To me, this is the first question and the one most asked. I choose to go with what pays me the most as far as how much. “Pays me the most”??? Well, if you think of the food in terms of getting the most for your dollar, in terms of insurance and in terms of value nutritionally, then I choose what pays me back the most.
In order to be safe, say, from storms, you should have 2 weeks worth of food stored. In order to be safe from, say, a forced quarantine’s, you should have at least 6 weeks of food. In order, to be able to take advantage of less shopping and better sales and coupon buys, you need three months worth of food. In order to feel safe from unemployment and a prolonged food shortage, six months would be recommended. In order to be safe from a total collapse of the economy and other dangers, you must have a minimum of one years worth of food saved…the more, the better. PLUS, seeds.
So, with those goals in mind, how much of a particular item would you need? Consider that in an emergency, you would be eating for nutrients and bulk, so pick filling items that meet the recommended daily requirements. Some people go by calories, but that is not how I choose to do it. If you go to your cupboard and look in it, you might see a can of corn, a can of potatoes and a can of tune. That is one meal for up to 4 people. BUT, don’t forget that you need bread at some point during the day, more veg, and what about flavor?
I find it easiest to loosely “plan” a menu for my family. Breakfast, Lunch and dinner, plus a snack…per day, per person. However, we, as families, know that it’s easier and cheaper to make a meal for 4 people than to plan meals for 4 different people. So, I think this;”my family eats one loaf of bread a day”…then I know that it takes a pound of flour, plus a bit to make that bread. So 1 pound x 365= 365 pounds of flour (or grain). Of course there are other things that I use flour for, so I double that. The nutritional requirements for grain are not met by that, so I add others, like oats for cereal, corn meal for other breads and frying foods in. How much? Use the same equation of How Many times a week(or day) will me family eat that? Then multiply it out for the item you are trying to figure out. (2 cups of oatmeal per day x 365 days= about 350 pounds of oats). NOTE: amounts are approximate and intended as an example only!
I then move to the other items in the food groups and meals…meat, veg, fruit. Though it won’t be quite like you are used to eating, it still gives an idea for a basis of finding out how much. When planning a meal of spaghetti, plan on the meat (perhaps dried hamburg crumbles or frozen meatballs, the pasta and the sauce. If you had that once a week, then you would need 52 jars of sauce for a year, 52 pounds of hamburg (or meal sized packets of meatballs)and about 52 pounds of spaghetti. Then you know you have 52 meals of the 1095 meals you need to plan. Lets take breakfast out of that, because they are getting oatmeal, and plan on a sandwich type meal for lunch, using that bread, and you are down to needing the ingredients for roughly 320 more meals. I picked spaghetti, since it’s a one dish meal that is quick to make and filling, but it has meat, grain and veg in one place. Now, how about we knock off another 52 meals but choosing a tuna casserole that has carrots and peas in it. You will need another 52 pounds of pasta, 52 large cans of tuna, 52 cans of mixed veggies (or what ever you choose to put into the casserole) and some kind of sauce (I use cream of mushroom soup)in an amount to equal 52, since we are serving it once a week. Again, simple to make, quick,one dish and contains all the things you need. Let’s make some cornmeal bread to go with that to meet all requirements. You are now down to about 268 meals needed. Go on in this manner and (it gets easier) soon you will have all the meals for a year. Of course, you will also need seasonings, condiments and so on, but you do it the same way. If you go through about one bottle of ketchup a week normally, then plan to stock 52 bottles for the year. It’s actually a great exercise to do to see how you can eat less expensively, more varied and take advantage of sales better. If you know that you will need to have 52 bottles of ketchup (for example) in a year, then when it goes on sale for $1 a bottle, splurge and get as many as you can. It will last for years!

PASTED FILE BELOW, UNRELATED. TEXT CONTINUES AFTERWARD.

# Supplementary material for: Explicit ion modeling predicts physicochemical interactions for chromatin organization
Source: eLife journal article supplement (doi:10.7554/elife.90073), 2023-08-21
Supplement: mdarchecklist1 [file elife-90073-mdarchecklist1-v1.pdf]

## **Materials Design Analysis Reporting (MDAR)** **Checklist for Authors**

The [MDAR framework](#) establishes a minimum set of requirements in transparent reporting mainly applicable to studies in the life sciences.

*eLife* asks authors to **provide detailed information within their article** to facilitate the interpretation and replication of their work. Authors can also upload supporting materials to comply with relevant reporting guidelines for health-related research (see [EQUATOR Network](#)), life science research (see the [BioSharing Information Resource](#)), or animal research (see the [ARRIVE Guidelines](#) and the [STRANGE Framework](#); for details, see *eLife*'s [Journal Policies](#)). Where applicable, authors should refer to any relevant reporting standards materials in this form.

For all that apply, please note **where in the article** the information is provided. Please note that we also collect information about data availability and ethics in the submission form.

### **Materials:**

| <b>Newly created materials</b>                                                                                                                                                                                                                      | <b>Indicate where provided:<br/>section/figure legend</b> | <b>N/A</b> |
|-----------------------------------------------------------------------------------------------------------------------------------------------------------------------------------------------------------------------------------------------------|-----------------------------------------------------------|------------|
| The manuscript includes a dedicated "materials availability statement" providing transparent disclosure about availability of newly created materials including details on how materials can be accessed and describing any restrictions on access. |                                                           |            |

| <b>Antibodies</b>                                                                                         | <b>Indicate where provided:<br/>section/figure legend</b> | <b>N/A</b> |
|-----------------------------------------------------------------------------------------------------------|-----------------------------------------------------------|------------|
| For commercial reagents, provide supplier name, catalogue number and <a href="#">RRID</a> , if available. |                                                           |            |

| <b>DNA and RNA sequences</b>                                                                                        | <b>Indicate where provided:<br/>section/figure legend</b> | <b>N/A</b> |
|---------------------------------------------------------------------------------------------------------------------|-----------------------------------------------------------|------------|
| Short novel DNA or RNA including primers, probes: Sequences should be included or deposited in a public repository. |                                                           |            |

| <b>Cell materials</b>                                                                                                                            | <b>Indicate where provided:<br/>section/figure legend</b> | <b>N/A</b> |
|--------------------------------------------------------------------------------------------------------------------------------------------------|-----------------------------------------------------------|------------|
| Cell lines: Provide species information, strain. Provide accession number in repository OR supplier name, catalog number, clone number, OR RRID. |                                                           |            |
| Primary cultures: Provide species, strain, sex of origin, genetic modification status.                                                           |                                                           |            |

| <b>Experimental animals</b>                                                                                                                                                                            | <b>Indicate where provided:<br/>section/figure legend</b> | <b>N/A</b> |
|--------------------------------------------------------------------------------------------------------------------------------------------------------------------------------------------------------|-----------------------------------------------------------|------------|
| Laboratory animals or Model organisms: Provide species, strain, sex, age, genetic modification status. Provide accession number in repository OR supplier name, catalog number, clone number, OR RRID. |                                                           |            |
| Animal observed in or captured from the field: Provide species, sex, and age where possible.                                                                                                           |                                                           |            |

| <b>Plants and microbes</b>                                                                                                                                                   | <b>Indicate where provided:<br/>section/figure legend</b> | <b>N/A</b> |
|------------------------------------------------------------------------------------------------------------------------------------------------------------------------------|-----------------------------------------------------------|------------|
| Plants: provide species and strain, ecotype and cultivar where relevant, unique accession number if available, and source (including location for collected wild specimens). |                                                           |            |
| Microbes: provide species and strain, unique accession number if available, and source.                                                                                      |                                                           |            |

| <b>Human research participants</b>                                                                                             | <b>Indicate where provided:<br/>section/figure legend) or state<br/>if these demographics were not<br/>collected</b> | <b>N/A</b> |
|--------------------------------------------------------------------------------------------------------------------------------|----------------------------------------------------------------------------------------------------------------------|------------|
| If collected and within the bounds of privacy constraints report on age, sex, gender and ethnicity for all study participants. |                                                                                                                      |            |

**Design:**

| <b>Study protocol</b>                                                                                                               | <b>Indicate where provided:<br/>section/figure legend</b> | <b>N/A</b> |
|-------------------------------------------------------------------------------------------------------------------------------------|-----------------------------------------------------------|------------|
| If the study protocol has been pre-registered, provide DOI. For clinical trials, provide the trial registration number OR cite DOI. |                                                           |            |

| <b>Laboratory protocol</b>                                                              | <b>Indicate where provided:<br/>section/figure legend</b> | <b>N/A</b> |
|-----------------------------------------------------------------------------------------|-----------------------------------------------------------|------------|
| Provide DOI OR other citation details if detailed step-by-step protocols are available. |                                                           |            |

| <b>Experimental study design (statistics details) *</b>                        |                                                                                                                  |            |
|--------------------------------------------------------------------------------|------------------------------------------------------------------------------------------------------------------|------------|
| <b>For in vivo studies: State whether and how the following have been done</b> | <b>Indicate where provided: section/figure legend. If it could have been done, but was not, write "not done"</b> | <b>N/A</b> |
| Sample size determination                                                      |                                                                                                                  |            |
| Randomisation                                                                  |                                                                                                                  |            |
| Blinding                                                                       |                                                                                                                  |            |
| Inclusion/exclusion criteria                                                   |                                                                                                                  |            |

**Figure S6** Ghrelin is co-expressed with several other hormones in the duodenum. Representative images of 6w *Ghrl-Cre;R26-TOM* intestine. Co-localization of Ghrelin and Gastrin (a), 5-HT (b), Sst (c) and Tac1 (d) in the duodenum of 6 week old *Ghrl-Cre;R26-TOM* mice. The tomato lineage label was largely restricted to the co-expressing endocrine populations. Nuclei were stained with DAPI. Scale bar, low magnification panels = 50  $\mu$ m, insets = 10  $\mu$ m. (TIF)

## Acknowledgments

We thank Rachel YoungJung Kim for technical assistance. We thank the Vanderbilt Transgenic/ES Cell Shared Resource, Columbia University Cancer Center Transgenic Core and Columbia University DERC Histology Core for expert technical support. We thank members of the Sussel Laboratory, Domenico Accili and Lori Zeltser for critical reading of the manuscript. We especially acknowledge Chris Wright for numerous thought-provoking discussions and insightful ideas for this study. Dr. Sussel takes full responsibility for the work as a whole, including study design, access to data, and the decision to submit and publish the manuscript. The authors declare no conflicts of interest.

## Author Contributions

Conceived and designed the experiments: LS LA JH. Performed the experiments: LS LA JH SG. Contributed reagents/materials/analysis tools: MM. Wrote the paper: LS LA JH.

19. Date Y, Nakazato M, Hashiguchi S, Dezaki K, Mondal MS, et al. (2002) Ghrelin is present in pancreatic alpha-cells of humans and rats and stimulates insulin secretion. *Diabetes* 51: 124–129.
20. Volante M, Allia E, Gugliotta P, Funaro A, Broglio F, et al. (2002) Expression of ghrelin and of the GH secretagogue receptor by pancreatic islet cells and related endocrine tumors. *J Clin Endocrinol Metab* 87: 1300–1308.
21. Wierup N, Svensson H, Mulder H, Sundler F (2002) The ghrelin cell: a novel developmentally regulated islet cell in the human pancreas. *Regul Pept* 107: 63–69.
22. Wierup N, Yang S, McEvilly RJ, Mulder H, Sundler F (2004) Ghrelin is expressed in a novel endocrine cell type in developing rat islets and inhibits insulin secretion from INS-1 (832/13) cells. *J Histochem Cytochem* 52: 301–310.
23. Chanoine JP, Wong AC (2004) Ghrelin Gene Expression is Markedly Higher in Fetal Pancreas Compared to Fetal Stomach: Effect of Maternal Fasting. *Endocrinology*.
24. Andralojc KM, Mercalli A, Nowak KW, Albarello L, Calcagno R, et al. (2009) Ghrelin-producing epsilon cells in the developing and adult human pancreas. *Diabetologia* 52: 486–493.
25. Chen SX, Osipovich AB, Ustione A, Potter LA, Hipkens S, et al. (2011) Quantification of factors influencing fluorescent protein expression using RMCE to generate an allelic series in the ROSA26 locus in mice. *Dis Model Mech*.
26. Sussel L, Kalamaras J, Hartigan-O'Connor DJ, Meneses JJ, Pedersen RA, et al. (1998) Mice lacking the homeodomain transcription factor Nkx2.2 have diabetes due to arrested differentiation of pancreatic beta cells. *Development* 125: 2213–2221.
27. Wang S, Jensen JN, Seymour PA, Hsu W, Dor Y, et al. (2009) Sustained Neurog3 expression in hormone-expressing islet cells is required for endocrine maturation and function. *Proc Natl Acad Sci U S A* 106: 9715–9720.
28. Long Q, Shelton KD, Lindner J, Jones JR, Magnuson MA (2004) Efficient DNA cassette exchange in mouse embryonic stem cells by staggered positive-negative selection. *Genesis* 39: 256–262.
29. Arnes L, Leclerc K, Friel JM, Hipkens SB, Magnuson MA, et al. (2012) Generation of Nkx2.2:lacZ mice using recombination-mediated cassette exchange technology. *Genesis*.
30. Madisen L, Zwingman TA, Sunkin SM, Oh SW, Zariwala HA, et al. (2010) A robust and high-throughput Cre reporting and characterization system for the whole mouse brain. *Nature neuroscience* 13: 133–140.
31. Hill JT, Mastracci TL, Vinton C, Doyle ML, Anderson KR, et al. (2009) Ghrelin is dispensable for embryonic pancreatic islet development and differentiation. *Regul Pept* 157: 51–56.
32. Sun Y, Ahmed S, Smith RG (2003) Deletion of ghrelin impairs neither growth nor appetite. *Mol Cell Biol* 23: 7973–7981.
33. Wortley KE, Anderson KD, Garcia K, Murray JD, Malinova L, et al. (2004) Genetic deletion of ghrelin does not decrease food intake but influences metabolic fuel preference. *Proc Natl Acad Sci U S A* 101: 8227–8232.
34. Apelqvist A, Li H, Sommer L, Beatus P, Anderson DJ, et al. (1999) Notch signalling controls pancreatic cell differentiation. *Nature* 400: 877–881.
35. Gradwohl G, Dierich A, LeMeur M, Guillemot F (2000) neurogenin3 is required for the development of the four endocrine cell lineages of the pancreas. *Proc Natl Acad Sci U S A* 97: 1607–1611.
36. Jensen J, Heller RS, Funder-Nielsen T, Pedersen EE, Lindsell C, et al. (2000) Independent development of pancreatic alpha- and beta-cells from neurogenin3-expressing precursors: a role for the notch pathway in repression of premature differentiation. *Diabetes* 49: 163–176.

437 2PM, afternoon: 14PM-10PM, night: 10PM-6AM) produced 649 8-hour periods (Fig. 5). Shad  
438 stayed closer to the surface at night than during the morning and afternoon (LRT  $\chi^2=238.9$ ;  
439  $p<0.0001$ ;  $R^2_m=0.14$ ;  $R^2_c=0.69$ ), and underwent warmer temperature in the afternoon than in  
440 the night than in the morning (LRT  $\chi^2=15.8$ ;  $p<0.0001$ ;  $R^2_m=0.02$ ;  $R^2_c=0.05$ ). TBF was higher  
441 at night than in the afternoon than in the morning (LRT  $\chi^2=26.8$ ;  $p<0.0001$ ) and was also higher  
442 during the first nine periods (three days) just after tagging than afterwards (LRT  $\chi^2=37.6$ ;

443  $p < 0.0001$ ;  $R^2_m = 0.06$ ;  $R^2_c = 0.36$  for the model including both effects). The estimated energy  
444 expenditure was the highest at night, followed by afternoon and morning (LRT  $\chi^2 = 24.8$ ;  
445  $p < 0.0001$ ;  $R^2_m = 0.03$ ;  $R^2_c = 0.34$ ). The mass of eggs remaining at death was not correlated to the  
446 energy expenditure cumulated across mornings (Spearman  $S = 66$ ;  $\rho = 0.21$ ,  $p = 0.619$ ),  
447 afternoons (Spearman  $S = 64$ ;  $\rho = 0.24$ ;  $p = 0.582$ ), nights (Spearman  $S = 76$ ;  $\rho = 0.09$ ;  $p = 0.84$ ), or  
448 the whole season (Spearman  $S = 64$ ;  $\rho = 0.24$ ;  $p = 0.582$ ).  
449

Now, you may think that will take a lot of space, but there are ways you can reduce the space. Learn to dehydrate many of your foods! http://www.dehydrate2store.com/ will help you get started learning how simple it is. A 10# bag of potatoes will dehydrate down to about 4 quart bags! 2 1/2#’s of veggies will only fill up a pint jar once they are dehydrated! I have been experimenting with this all summer, as my family turned up their nosed as the thought of dehydrated foods. However, when you rehydrate them, they can’t tell the difference! A weeks worth of dehydrated food (not including all the grain) can fit into a 5 gallon bucket. Storing in buckets makes it easy to move them and if you plan your meals, you can keep your buckets in storage and only bring one up per week and work out of that one little bucket for a week!
I hope that this helps you look differently at how to calculate your needs. I found food storage calculators confusing to me, as I think in terms of “meals” rather than pounds and calories. It’s up to YOU how long your food storage goal is, and it’s up to YOU what you put in it. We all have basic needs, but in an emergency, comfort foods are mentally better for you. So, store what you eat and eat what you store. You will never have a problem with foods going bad if you use your pantry like a mini store and “shop” from it for every meal.